MUNICH (Reuters) - Germany’s president took an indirect swipe at U.S. President Donald Trump on Friday in accusing Washington, China and Russia of stoking global mistrust and insecurity with a “great powers” competition” that could threaten a new nuclear arms race.
In opening remarks at the annual Munich Security Conference, German President Frank-Walter Steinmeier deplored the three big powers’ approach to global affairs and, without naming Trump, took issue with his vow to “make America great again”.
“‘Great again’ - even at the expense of neighbors and partners,” quipped Steinmeier, a former Social Democrat foreign minister whose comments on foreign policy carry authority.
As foreign minister in 2014, he was central to the so-called “Munich consensus” when German leaders said Berlin was ready to assume more responsibility in global affairs. Steinmeier pressed that point again on Friday, but not before bemoaning the foreign policy approaches of Russia, China and the United States.
“Russia...has made military force and the violent shifting of borders on the European continent the means of politics once again,” he said in the text of a speech for delivery at the opening of the conference.
“China...accepts international law only selectively where it does not run counter to its own interests,” Steinmeier said. “And our closest ally, the United States of America, under the present administration itself, rejects the idea of an international community.”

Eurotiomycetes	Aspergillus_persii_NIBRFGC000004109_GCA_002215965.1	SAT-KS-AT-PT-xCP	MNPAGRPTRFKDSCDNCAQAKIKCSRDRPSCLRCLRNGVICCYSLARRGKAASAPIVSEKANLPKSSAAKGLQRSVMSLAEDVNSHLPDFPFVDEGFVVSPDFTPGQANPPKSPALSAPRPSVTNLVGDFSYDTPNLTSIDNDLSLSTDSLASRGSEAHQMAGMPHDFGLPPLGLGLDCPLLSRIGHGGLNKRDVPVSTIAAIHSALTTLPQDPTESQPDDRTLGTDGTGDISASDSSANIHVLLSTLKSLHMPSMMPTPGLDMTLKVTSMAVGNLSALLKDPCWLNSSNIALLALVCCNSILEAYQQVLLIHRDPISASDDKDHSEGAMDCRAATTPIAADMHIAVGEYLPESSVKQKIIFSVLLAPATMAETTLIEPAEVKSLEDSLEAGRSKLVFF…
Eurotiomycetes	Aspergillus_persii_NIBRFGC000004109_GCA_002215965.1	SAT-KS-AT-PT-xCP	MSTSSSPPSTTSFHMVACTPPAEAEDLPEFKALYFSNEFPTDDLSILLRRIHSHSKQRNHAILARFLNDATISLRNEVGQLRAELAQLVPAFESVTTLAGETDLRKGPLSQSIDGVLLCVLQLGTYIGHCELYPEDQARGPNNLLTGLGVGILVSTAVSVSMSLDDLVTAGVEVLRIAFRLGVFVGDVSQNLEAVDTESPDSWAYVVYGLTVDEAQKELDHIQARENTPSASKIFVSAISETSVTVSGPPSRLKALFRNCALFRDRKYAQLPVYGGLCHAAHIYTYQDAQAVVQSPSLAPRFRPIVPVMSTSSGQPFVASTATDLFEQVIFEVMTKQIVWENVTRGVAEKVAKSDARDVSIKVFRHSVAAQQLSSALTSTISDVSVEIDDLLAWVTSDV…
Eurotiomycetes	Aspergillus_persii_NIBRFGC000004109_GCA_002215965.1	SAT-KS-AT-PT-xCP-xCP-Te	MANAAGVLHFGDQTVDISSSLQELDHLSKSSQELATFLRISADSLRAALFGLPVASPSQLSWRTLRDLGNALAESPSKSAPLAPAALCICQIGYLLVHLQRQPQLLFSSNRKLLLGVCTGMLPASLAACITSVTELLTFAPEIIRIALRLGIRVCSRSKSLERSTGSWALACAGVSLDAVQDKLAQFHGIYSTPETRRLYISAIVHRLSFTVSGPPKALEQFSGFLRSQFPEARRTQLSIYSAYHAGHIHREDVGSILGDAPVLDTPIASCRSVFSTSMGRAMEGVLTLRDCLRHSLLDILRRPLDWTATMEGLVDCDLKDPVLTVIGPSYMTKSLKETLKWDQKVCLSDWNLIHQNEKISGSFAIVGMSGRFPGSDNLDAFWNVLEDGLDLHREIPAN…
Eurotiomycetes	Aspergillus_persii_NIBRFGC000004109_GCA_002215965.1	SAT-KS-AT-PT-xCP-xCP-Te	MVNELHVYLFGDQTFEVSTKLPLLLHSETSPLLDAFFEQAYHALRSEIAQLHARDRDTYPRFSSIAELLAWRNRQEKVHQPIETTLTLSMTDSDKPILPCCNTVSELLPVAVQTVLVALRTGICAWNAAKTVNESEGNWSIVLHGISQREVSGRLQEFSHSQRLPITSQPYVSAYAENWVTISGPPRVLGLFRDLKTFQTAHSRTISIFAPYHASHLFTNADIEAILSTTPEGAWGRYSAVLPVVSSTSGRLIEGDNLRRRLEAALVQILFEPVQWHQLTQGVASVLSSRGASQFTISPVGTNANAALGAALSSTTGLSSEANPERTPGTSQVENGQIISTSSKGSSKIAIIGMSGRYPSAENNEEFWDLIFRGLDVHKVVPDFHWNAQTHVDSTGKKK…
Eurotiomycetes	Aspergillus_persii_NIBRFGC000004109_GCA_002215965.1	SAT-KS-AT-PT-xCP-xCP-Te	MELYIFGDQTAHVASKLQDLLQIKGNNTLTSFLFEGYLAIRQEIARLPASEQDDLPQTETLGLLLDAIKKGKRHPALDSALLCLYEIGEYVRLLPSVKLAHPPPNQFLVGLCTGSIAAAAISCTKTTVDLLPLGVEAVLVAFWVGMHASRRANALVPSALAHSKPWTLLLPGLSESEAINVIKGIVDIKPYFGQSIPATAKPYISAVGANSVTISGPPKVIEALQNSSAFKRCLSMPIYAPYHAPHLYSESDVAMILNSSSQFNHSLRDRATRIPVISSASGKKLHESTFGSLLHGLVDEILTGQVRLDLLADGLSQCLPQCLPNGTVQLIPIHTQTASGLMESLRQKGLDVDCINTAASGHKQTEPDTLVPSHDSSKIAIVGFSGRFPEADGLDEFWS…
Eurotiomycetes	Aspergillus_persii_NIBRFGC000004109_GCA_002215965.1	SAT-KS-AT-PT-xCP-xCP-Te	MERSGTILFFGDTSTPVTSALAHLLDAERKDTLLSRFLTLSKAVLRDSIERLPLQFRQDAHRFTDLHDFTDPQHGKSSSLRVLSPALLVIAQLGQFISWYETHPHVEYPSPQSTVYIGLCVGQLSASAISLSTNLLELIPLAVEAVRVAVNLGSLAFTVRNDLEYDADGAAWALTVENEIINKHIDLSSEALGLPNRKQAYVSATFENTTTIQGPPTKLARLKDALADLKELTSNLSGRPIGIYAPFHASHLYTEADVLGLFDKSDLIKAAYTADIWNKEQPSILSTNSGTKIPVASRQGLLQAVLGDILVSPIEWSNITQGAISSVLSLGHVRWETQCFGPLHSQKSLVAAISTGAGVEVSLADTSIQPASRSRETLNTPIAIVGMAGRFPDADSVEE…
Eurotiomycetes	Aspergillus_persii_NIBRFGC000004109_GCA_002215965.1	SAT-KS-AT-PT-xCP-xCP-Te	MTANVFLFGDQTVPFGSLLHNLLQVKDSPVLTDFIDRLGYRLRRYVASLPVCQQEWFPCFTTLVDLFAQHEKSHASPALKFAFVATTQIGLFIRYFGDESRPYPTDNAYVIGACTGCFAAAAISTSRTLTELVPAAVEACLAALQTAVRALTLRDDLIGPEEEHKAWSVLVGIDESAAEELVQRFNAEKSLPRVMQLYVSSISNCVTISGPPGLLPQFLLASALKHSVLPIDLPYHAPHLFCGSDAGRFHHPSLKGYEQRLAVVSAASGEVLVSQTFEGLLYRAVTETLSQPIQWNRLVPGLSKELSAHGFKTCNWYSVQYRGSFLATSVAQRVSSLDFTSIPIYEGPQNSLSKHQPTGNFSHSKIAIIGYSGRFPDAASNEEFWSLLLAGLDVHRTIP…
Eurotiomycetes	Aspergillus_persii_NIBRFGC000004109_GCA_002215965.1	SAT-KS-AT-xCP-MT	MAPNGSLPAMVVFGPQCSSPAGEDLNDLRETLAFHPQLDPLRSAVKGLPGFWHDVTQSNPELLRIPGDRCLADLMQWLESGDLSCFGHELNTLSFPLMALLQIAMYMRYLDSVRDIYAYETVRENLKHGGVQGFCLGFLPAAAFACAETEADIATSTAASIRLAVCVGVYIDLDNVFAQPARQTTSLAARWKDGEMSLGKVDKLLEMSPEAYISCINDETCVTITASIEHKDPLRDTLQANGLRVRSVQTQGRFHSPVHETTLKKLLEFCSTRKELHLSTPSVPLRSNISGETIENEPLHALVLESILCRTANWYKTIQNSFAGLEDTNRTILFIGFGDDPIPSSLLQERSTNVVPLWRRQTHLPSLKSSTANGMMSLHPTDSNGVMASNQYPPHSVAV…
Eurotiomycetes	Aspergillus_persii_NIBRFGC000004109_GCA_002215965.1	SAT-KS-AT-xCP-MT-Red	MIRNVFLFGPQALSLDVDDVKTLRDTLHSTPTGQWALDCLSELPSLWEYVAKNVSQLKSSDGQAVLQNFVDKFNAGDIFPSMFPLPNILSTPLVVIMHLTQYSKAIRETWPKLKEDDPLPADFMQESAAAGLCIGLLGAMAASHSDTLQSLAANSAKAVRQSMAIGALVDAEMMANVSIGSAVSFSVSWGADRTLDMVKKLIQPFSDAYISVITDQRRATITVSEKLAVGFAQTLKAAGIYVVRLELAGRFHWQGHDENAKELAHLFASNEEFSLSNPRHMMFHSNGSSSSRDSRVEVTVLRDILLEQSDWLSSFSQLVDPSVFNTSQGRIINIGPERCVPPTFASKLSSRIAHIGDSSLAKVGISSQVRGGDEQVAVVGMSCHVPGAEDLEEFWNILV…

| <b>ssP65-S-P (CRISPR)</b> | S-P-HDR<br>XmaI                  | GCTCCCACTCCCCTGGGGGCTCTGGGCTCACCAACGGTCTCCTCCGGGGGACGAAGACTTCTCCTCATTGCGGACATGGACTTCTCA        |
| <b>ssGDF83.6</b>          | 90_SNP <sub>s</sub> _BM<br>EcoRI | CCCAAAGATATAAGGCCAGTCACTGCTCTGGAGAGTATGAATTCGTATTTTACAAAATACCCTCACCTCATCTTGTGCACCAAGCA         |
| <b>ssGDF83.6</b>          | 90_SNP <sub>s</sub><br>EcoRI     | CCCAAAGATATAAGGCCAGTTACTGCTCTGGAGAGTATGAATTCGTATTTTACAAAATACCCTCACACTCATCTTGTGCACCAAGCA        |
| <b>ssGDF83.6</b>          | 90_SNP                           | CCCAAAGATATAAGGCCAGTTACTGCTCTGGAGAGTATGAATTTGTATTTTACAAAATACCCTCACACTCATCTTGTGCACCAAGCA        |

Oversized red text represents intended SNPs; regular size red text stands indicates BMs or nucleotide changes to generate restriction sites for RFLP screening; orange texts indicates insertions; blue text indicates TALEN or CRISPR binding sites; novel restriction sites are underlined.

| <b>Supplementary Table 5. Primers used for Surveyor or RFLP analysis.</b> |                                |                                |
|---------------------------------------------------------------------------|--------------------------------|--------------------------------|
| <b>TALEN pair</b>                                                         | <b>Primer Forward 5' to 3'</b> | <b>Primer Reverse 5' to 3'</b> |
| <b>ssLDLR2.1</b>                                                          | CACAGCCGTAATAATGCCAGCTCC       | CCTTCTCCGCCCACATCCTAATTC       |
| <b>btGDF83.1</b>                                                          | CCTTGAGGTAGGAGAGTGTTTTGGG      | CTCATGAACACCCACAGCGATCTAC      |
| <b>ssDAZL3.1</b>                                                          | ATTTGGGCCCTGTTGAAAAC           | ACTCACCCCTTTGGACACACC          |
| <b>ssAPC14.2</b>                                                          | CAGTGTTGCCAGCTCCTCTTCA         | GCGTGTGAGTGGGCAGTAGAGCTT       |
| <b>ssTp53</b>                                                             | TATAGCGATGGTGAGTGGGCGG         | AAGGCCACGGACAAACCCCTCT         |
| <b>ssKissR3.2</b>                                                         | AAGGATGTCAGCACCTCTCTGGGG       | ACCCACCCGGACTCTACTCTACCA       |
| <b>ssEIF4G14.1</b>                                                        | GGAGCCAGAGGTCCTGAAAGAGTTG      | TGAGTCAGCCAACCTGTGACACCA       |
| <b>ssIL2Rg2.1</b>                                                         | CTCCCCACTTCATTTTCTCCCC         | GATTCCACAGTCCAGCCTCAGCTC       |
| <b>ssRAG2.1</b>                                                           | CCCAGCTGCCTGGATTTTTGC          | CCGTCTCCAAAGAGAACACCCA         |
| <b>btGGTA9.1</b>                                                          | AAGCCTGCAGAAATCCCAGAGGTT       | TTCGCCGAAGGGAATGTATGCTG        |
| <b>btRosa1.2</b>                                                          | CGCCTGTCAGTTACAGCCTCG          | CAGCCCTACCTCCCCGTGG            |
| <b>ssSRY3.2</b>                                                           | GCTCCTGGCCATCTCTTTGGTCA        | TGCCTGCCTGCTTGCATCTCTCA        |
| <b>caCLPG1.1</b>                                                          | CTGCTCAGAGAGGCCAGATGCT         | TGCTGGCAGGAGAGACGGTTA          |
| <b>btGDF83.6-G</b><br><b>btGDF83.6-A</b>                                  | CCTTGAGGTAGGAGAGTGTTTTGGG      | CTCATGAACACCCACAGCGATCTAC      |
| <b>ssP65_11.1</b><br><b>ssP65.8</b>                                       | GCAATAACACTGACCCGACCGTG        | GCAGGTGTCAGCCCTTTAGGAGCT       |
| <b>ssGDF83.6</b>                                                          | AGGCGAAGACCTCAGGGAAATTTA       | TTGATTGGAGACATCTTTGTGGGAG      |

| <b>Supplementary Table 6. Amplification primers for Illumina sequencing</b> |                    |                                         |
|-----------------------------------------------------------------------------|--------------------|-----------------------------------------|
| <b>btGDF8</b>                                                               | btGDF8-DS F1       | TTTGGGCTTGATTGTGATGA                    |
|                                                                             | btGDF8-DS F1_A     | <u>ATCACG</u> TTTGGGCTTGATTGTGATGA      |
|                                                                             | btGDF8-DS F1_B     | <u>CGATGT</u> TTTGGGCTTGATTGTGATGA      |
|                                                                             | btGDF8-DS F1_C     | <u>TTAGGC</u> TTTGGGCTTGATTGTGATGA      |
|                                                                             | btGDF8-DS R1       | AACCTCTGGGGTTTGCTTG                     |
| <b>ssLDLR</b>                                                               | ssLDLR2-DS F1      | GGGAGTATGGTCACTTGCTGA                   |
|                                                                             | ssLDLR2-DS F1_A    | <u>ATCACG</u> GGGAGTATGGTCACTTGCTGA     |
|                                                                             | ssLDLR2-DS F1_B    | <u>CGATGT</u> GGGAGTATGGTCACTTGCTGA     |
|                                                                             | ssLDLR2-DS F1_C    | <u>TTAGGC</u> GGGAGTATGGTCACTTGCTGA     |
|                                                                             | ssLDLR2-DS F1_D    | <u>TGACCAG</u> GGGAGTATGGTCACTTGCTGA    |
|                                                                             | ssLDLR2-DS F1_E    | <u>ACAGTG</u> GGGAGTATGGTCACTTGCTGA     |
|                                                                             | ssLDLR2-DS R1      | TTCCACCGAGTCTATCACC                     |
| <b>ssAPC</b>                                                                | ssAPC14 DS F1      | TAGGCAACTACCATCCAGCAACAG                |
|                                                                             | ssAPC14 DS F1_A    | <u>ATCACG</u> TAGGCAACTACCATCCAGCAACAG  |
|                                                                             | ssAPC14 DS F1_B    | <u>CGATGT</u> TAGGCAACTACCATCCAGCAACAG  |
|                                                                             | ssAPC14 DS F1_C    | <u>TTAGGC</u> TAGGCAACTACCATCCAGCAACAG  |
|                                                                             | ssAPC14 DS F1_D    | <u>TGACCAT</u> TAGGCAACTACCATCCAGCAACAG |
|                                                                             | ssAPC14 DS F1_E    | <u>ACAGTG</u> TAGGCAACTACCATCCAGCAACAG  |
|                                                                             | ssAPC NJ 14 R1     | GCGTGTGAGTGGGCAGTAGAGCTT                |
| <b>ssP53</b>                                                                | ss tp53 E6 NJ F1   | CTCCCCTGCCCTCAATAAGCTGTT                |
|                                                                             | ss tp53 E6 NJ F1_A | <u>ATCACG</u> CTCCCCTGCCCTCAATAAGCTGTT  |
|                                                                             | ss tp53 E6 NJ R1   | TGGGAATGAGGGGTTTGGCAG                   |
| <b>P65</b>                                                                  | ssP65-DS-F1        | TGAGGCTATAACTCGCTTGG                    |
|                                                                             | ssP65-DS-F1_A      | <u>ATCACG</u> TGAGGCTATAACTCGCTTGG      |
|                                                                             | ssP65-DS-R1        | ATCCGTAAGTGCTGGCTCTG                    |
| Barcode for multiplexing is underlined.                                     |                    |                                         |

The upshot was “more mistrust, more armament, less security...all the way to a new nuclear arms race,” he said.
In response, he said, Germany should raise defense spending to contribute more to European security and to maintain its alliance with the United States, recognizing that U.S. interests were gravitating away from Europe toward Asia.
German Foreign Minister Heiko Maas later said: “Germany is prepared to become more involved, including militarily.
“But let us not narrow the discussion down to a single question. The strength of our alliance is not measured in euros or dollars alone,” he added, responding to U.S. pressure on Germany to increase its defense spending.
“Relentless discussion, not maximum disruption, brings good results,” he said, adding of NATO: “Only together do we have the economic strength, the military potential and the ideas of political order needed to defend the rule-based world order.”
Steinmeier called for a European policy toward Russia “that is not limited to condemning statements and sanctions alone”.
Europe, he added, “must find its own balance with China between intensifying competition between systems and the need for cooperation.”
Writing by Paul Carrel; Editing by Mark Heinrich and Alex Richardson